"We've done this in the past, we've used everything that was at our disposal as parliamentarians, everything that we have in the books, to make sure that on the important electoral bill (C-23) that everybody said the Conservatives with their majority were just going to push through as is, we got a lot of amendments through," he said.

"The Liberals simply said 'well we're not going to fight this, we'll change it once we're elected,' well that's not the way to stand up to Stephen Harper's Conservatives."

Liberal Leader Justin Trudeau speaks during a news conference on Parliament Hill in Ottawa on Wednesday, February 18, 2015. (Sean Kilpatrick/Canadian Press)

After the Liberal caucus meeting, Trudeau said strengthening the no-fly list, improving coordination between national security agencies and loosening rules around preventative arrest are "concrete" measures in C-51 that increase the safety of Canadians.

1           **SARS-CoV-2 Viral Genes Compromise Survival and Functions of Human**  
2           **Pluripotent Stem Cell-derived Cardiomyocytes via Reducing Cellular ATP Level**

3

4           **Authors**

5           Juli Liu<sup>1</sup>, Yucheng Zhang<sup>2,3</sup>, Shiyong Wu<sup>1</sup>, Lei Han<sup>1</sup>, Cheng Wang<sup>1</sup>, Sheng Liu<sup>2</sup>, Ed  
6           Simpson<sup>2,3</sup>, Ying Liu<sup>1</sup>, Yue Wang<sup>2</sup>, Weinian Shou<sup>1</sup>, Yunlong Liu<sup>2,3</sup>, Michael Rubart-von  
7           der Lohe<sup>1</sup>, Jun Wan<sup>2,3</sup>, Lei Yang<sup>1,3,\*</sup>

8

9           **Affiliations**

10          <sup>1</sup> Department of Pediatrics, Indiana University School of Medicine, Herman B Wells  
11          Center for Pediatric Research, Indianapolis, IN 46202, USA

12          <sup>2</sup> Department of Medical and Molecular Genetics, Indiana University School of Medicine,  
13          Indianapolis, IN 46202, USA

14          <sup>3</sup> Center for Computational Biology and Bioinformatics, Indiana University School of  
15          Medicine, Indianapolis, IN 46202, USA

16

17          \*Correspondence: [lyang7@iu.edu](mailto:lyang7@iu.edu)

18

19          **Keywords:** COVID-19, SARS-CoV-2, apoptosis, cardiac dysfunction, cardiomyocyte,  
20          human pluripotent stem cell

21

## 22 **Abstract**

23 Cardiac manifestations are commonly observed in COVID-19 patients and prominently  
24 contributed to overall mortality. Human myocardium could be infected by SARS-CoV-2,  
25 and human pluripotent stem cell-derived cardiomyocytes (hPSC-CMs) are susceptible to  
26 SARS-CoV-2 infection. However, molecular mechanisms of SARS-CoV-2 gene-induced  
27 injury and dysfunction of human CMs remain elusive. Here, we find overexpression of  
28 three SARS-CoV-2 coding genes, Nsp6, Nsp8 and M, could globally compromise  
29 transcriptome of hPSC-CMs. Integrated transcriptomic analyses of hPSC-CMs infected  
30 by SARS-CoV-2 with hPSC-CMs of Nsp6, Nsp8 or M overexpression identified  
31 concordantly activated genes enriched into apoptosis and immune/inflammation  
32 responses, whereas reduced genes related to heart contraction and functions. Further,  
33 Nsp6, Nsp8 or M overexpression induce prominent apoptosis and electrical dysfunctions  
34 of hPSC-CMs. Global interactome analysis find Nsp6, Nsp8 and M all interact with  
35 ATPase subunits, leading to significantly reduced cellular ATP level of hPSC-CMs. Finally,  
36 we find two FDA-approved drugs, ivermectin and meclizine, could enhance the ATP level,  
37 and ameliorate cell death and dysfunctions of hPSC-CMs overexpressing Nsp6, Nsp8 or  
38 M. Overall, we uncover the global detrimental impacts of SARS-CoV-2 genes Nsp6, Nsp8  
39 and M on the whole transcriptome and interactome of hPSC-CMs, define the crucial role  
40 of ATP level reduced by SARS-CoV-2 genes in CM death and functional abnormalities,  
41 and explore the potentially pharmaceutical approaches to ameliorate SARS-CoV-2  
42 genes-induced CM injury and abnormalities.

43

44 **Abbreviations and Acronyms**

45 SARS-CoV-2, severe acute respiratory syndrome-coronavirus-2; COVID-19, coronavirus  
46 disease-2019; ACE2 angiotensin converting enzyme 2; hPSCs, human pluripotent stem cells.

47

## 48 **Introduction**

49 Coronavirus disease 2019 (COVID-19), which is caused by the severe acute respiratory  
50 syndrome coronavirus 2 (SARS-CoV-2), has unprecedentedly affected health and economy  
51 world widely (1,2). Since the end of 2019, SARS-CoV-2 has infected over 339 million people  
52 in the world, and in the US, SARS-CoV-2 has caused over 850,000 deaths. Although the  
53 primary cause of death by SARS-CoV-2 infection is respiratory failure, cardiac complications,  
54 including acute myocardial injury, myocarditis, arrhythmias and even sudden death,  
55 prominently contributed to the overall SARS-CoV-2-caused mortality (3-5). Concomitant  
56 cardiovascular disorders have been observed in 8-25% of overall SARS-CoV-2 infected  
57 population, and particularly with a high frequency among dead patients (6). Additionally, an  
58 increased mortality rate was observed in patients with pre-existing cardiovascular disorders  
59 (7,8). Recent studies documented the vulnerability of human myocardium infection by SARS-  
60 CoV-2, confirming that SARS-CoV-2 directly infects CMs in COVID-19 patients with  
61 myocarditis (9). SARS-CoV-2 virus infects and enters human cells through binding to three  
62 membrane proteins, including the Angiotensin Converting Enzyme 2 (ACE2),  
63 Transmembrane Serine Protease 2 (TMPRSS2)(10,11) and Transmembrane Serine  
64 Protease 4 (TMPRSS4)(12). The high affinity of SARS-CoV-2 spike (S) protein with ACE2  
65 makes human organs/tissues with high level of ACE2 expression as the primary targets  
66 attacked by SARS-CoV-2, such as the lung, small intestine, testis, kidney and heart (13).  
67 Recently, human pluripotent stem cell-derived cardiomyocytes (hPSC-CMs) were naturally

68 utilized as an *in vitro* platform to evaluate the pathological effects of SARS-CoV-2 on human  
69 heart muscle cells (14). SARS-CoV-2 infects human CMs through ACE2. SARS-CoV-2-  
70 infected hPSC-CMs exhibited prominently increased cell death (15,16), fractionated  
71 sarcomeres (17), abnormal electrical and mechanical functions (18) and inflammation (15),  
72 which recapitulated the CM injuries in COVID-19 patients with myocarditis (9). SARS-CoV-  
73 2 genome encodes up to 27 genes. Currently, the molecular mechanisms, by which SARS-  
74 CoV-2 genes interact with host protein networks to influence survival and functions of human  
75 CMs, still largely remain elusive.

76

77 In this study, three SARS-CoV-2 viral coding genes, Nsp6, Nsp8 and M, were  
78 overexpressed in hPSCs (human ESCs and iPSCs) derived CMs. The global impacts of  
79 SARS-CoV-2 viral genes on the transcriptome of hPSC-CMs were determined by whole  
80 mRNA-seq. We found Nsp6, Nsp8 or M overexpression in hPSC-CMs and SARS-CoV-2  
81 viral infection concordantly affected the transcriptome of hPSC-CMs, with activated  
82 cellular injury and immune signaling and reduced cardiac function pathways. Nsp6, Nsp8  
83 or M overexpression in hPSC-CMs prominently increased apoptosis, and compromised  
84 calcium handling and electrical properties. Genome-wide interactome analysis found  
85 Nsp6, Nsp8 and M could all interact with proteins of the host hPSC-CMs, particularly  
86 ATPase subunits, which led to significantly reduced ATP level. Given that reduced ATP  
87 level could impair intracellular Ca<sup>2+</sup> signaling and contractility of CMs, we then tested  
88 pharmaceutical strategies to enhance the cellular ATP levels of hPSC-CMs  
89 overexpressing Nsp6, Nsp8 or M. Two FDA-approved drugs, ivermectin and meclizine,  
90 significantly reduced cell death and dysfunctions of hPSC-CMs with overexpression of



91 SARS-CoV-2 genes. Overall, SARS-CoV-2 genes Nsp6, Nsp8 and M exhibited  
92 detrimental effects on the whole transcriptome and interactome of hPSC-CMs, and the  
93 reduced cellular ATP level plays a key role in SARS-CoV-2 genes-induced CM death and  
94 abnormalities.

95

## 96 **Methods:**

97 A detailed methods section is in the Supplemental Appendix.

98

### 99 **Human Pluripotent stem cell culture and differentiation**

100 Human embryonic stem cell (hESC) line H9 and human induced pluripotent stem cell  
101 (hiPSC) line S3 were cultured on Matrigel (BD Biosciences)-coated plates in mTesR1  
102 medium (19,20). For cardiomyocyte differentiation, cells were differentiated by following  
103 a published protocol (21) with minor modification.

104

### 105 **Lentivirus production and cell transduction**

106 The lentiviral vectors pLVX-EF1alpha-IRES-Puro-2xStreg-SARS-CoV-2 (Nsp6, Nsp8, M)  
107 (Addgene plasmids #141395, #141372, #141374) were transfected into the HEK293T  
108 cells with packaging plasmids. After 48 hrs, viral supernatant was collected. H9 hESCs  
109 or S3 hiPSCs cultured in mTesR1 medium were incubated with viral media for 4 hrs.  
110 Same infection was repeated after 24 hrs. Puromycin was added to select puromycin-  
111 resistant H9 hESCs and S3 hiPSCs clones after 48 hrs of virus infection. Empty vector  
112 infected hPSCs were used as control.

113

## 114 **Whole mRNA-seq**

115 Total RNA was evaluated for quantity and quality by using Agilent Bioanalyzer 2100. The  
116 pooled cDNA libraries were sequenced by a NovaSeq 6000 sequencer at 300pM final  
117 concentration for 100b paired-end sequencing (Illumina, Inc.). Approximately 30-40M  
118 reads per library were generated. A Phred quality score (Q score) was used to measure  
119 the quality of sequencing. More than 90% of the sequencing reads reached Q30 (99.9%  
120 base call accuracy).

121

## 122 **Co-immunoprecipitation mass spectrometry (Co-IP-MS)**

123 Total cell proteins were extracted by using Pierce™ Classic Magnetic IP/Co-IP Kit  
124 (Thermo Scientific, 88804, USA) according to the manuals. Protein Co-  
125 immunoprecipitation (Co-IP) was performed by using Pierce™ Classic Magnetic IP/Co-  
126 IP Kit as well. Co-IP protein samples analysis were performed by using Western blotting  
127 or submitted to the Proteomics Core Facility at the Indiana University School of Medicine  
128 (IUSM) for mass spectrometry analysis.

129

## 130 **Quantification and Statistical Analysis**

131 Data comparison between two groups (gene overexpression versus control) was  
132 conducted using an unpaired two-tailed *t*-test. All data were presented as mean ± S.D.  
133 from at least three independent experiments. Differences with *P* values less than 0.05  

"We have heard concerns from Canadians and we share them, and that's why we are unequivocal that this bill needs oversight and a review process, which we have committed to bringing in," he added.

"We will pressure and continue to pressure the government and encourage the government to adopt these reasonable oversight and review measures when [the bill] comes forward to committee, but if they choose not to bring them in we will campaign on them and we will bring them in for Canadians after the next election."

MacKay on terrorism definition: 'look it up'

Justice Minister Peter MacKay gave a curt answer when asked by CBC News' Chris Hall about the definition of terrorism in bill C-51.

"Look it up," he said as he left the Conservative caucus meeting.

MacKay's office later defended the bill in a statement responding to the NDP decision to oppose it.

"When developing any legislation or legal amendment, the Department of Justice takes every consideration in safeguarding constitutionally protected rights and freedoms," it said.

"This particular legislation also includes judicial oversight and discretion; the requirement for Attorney General consent; annual reporting requirements on recognizance with conditions; and a sunset clause requiring Parliament to consider the renewal of the recognizance with conditions."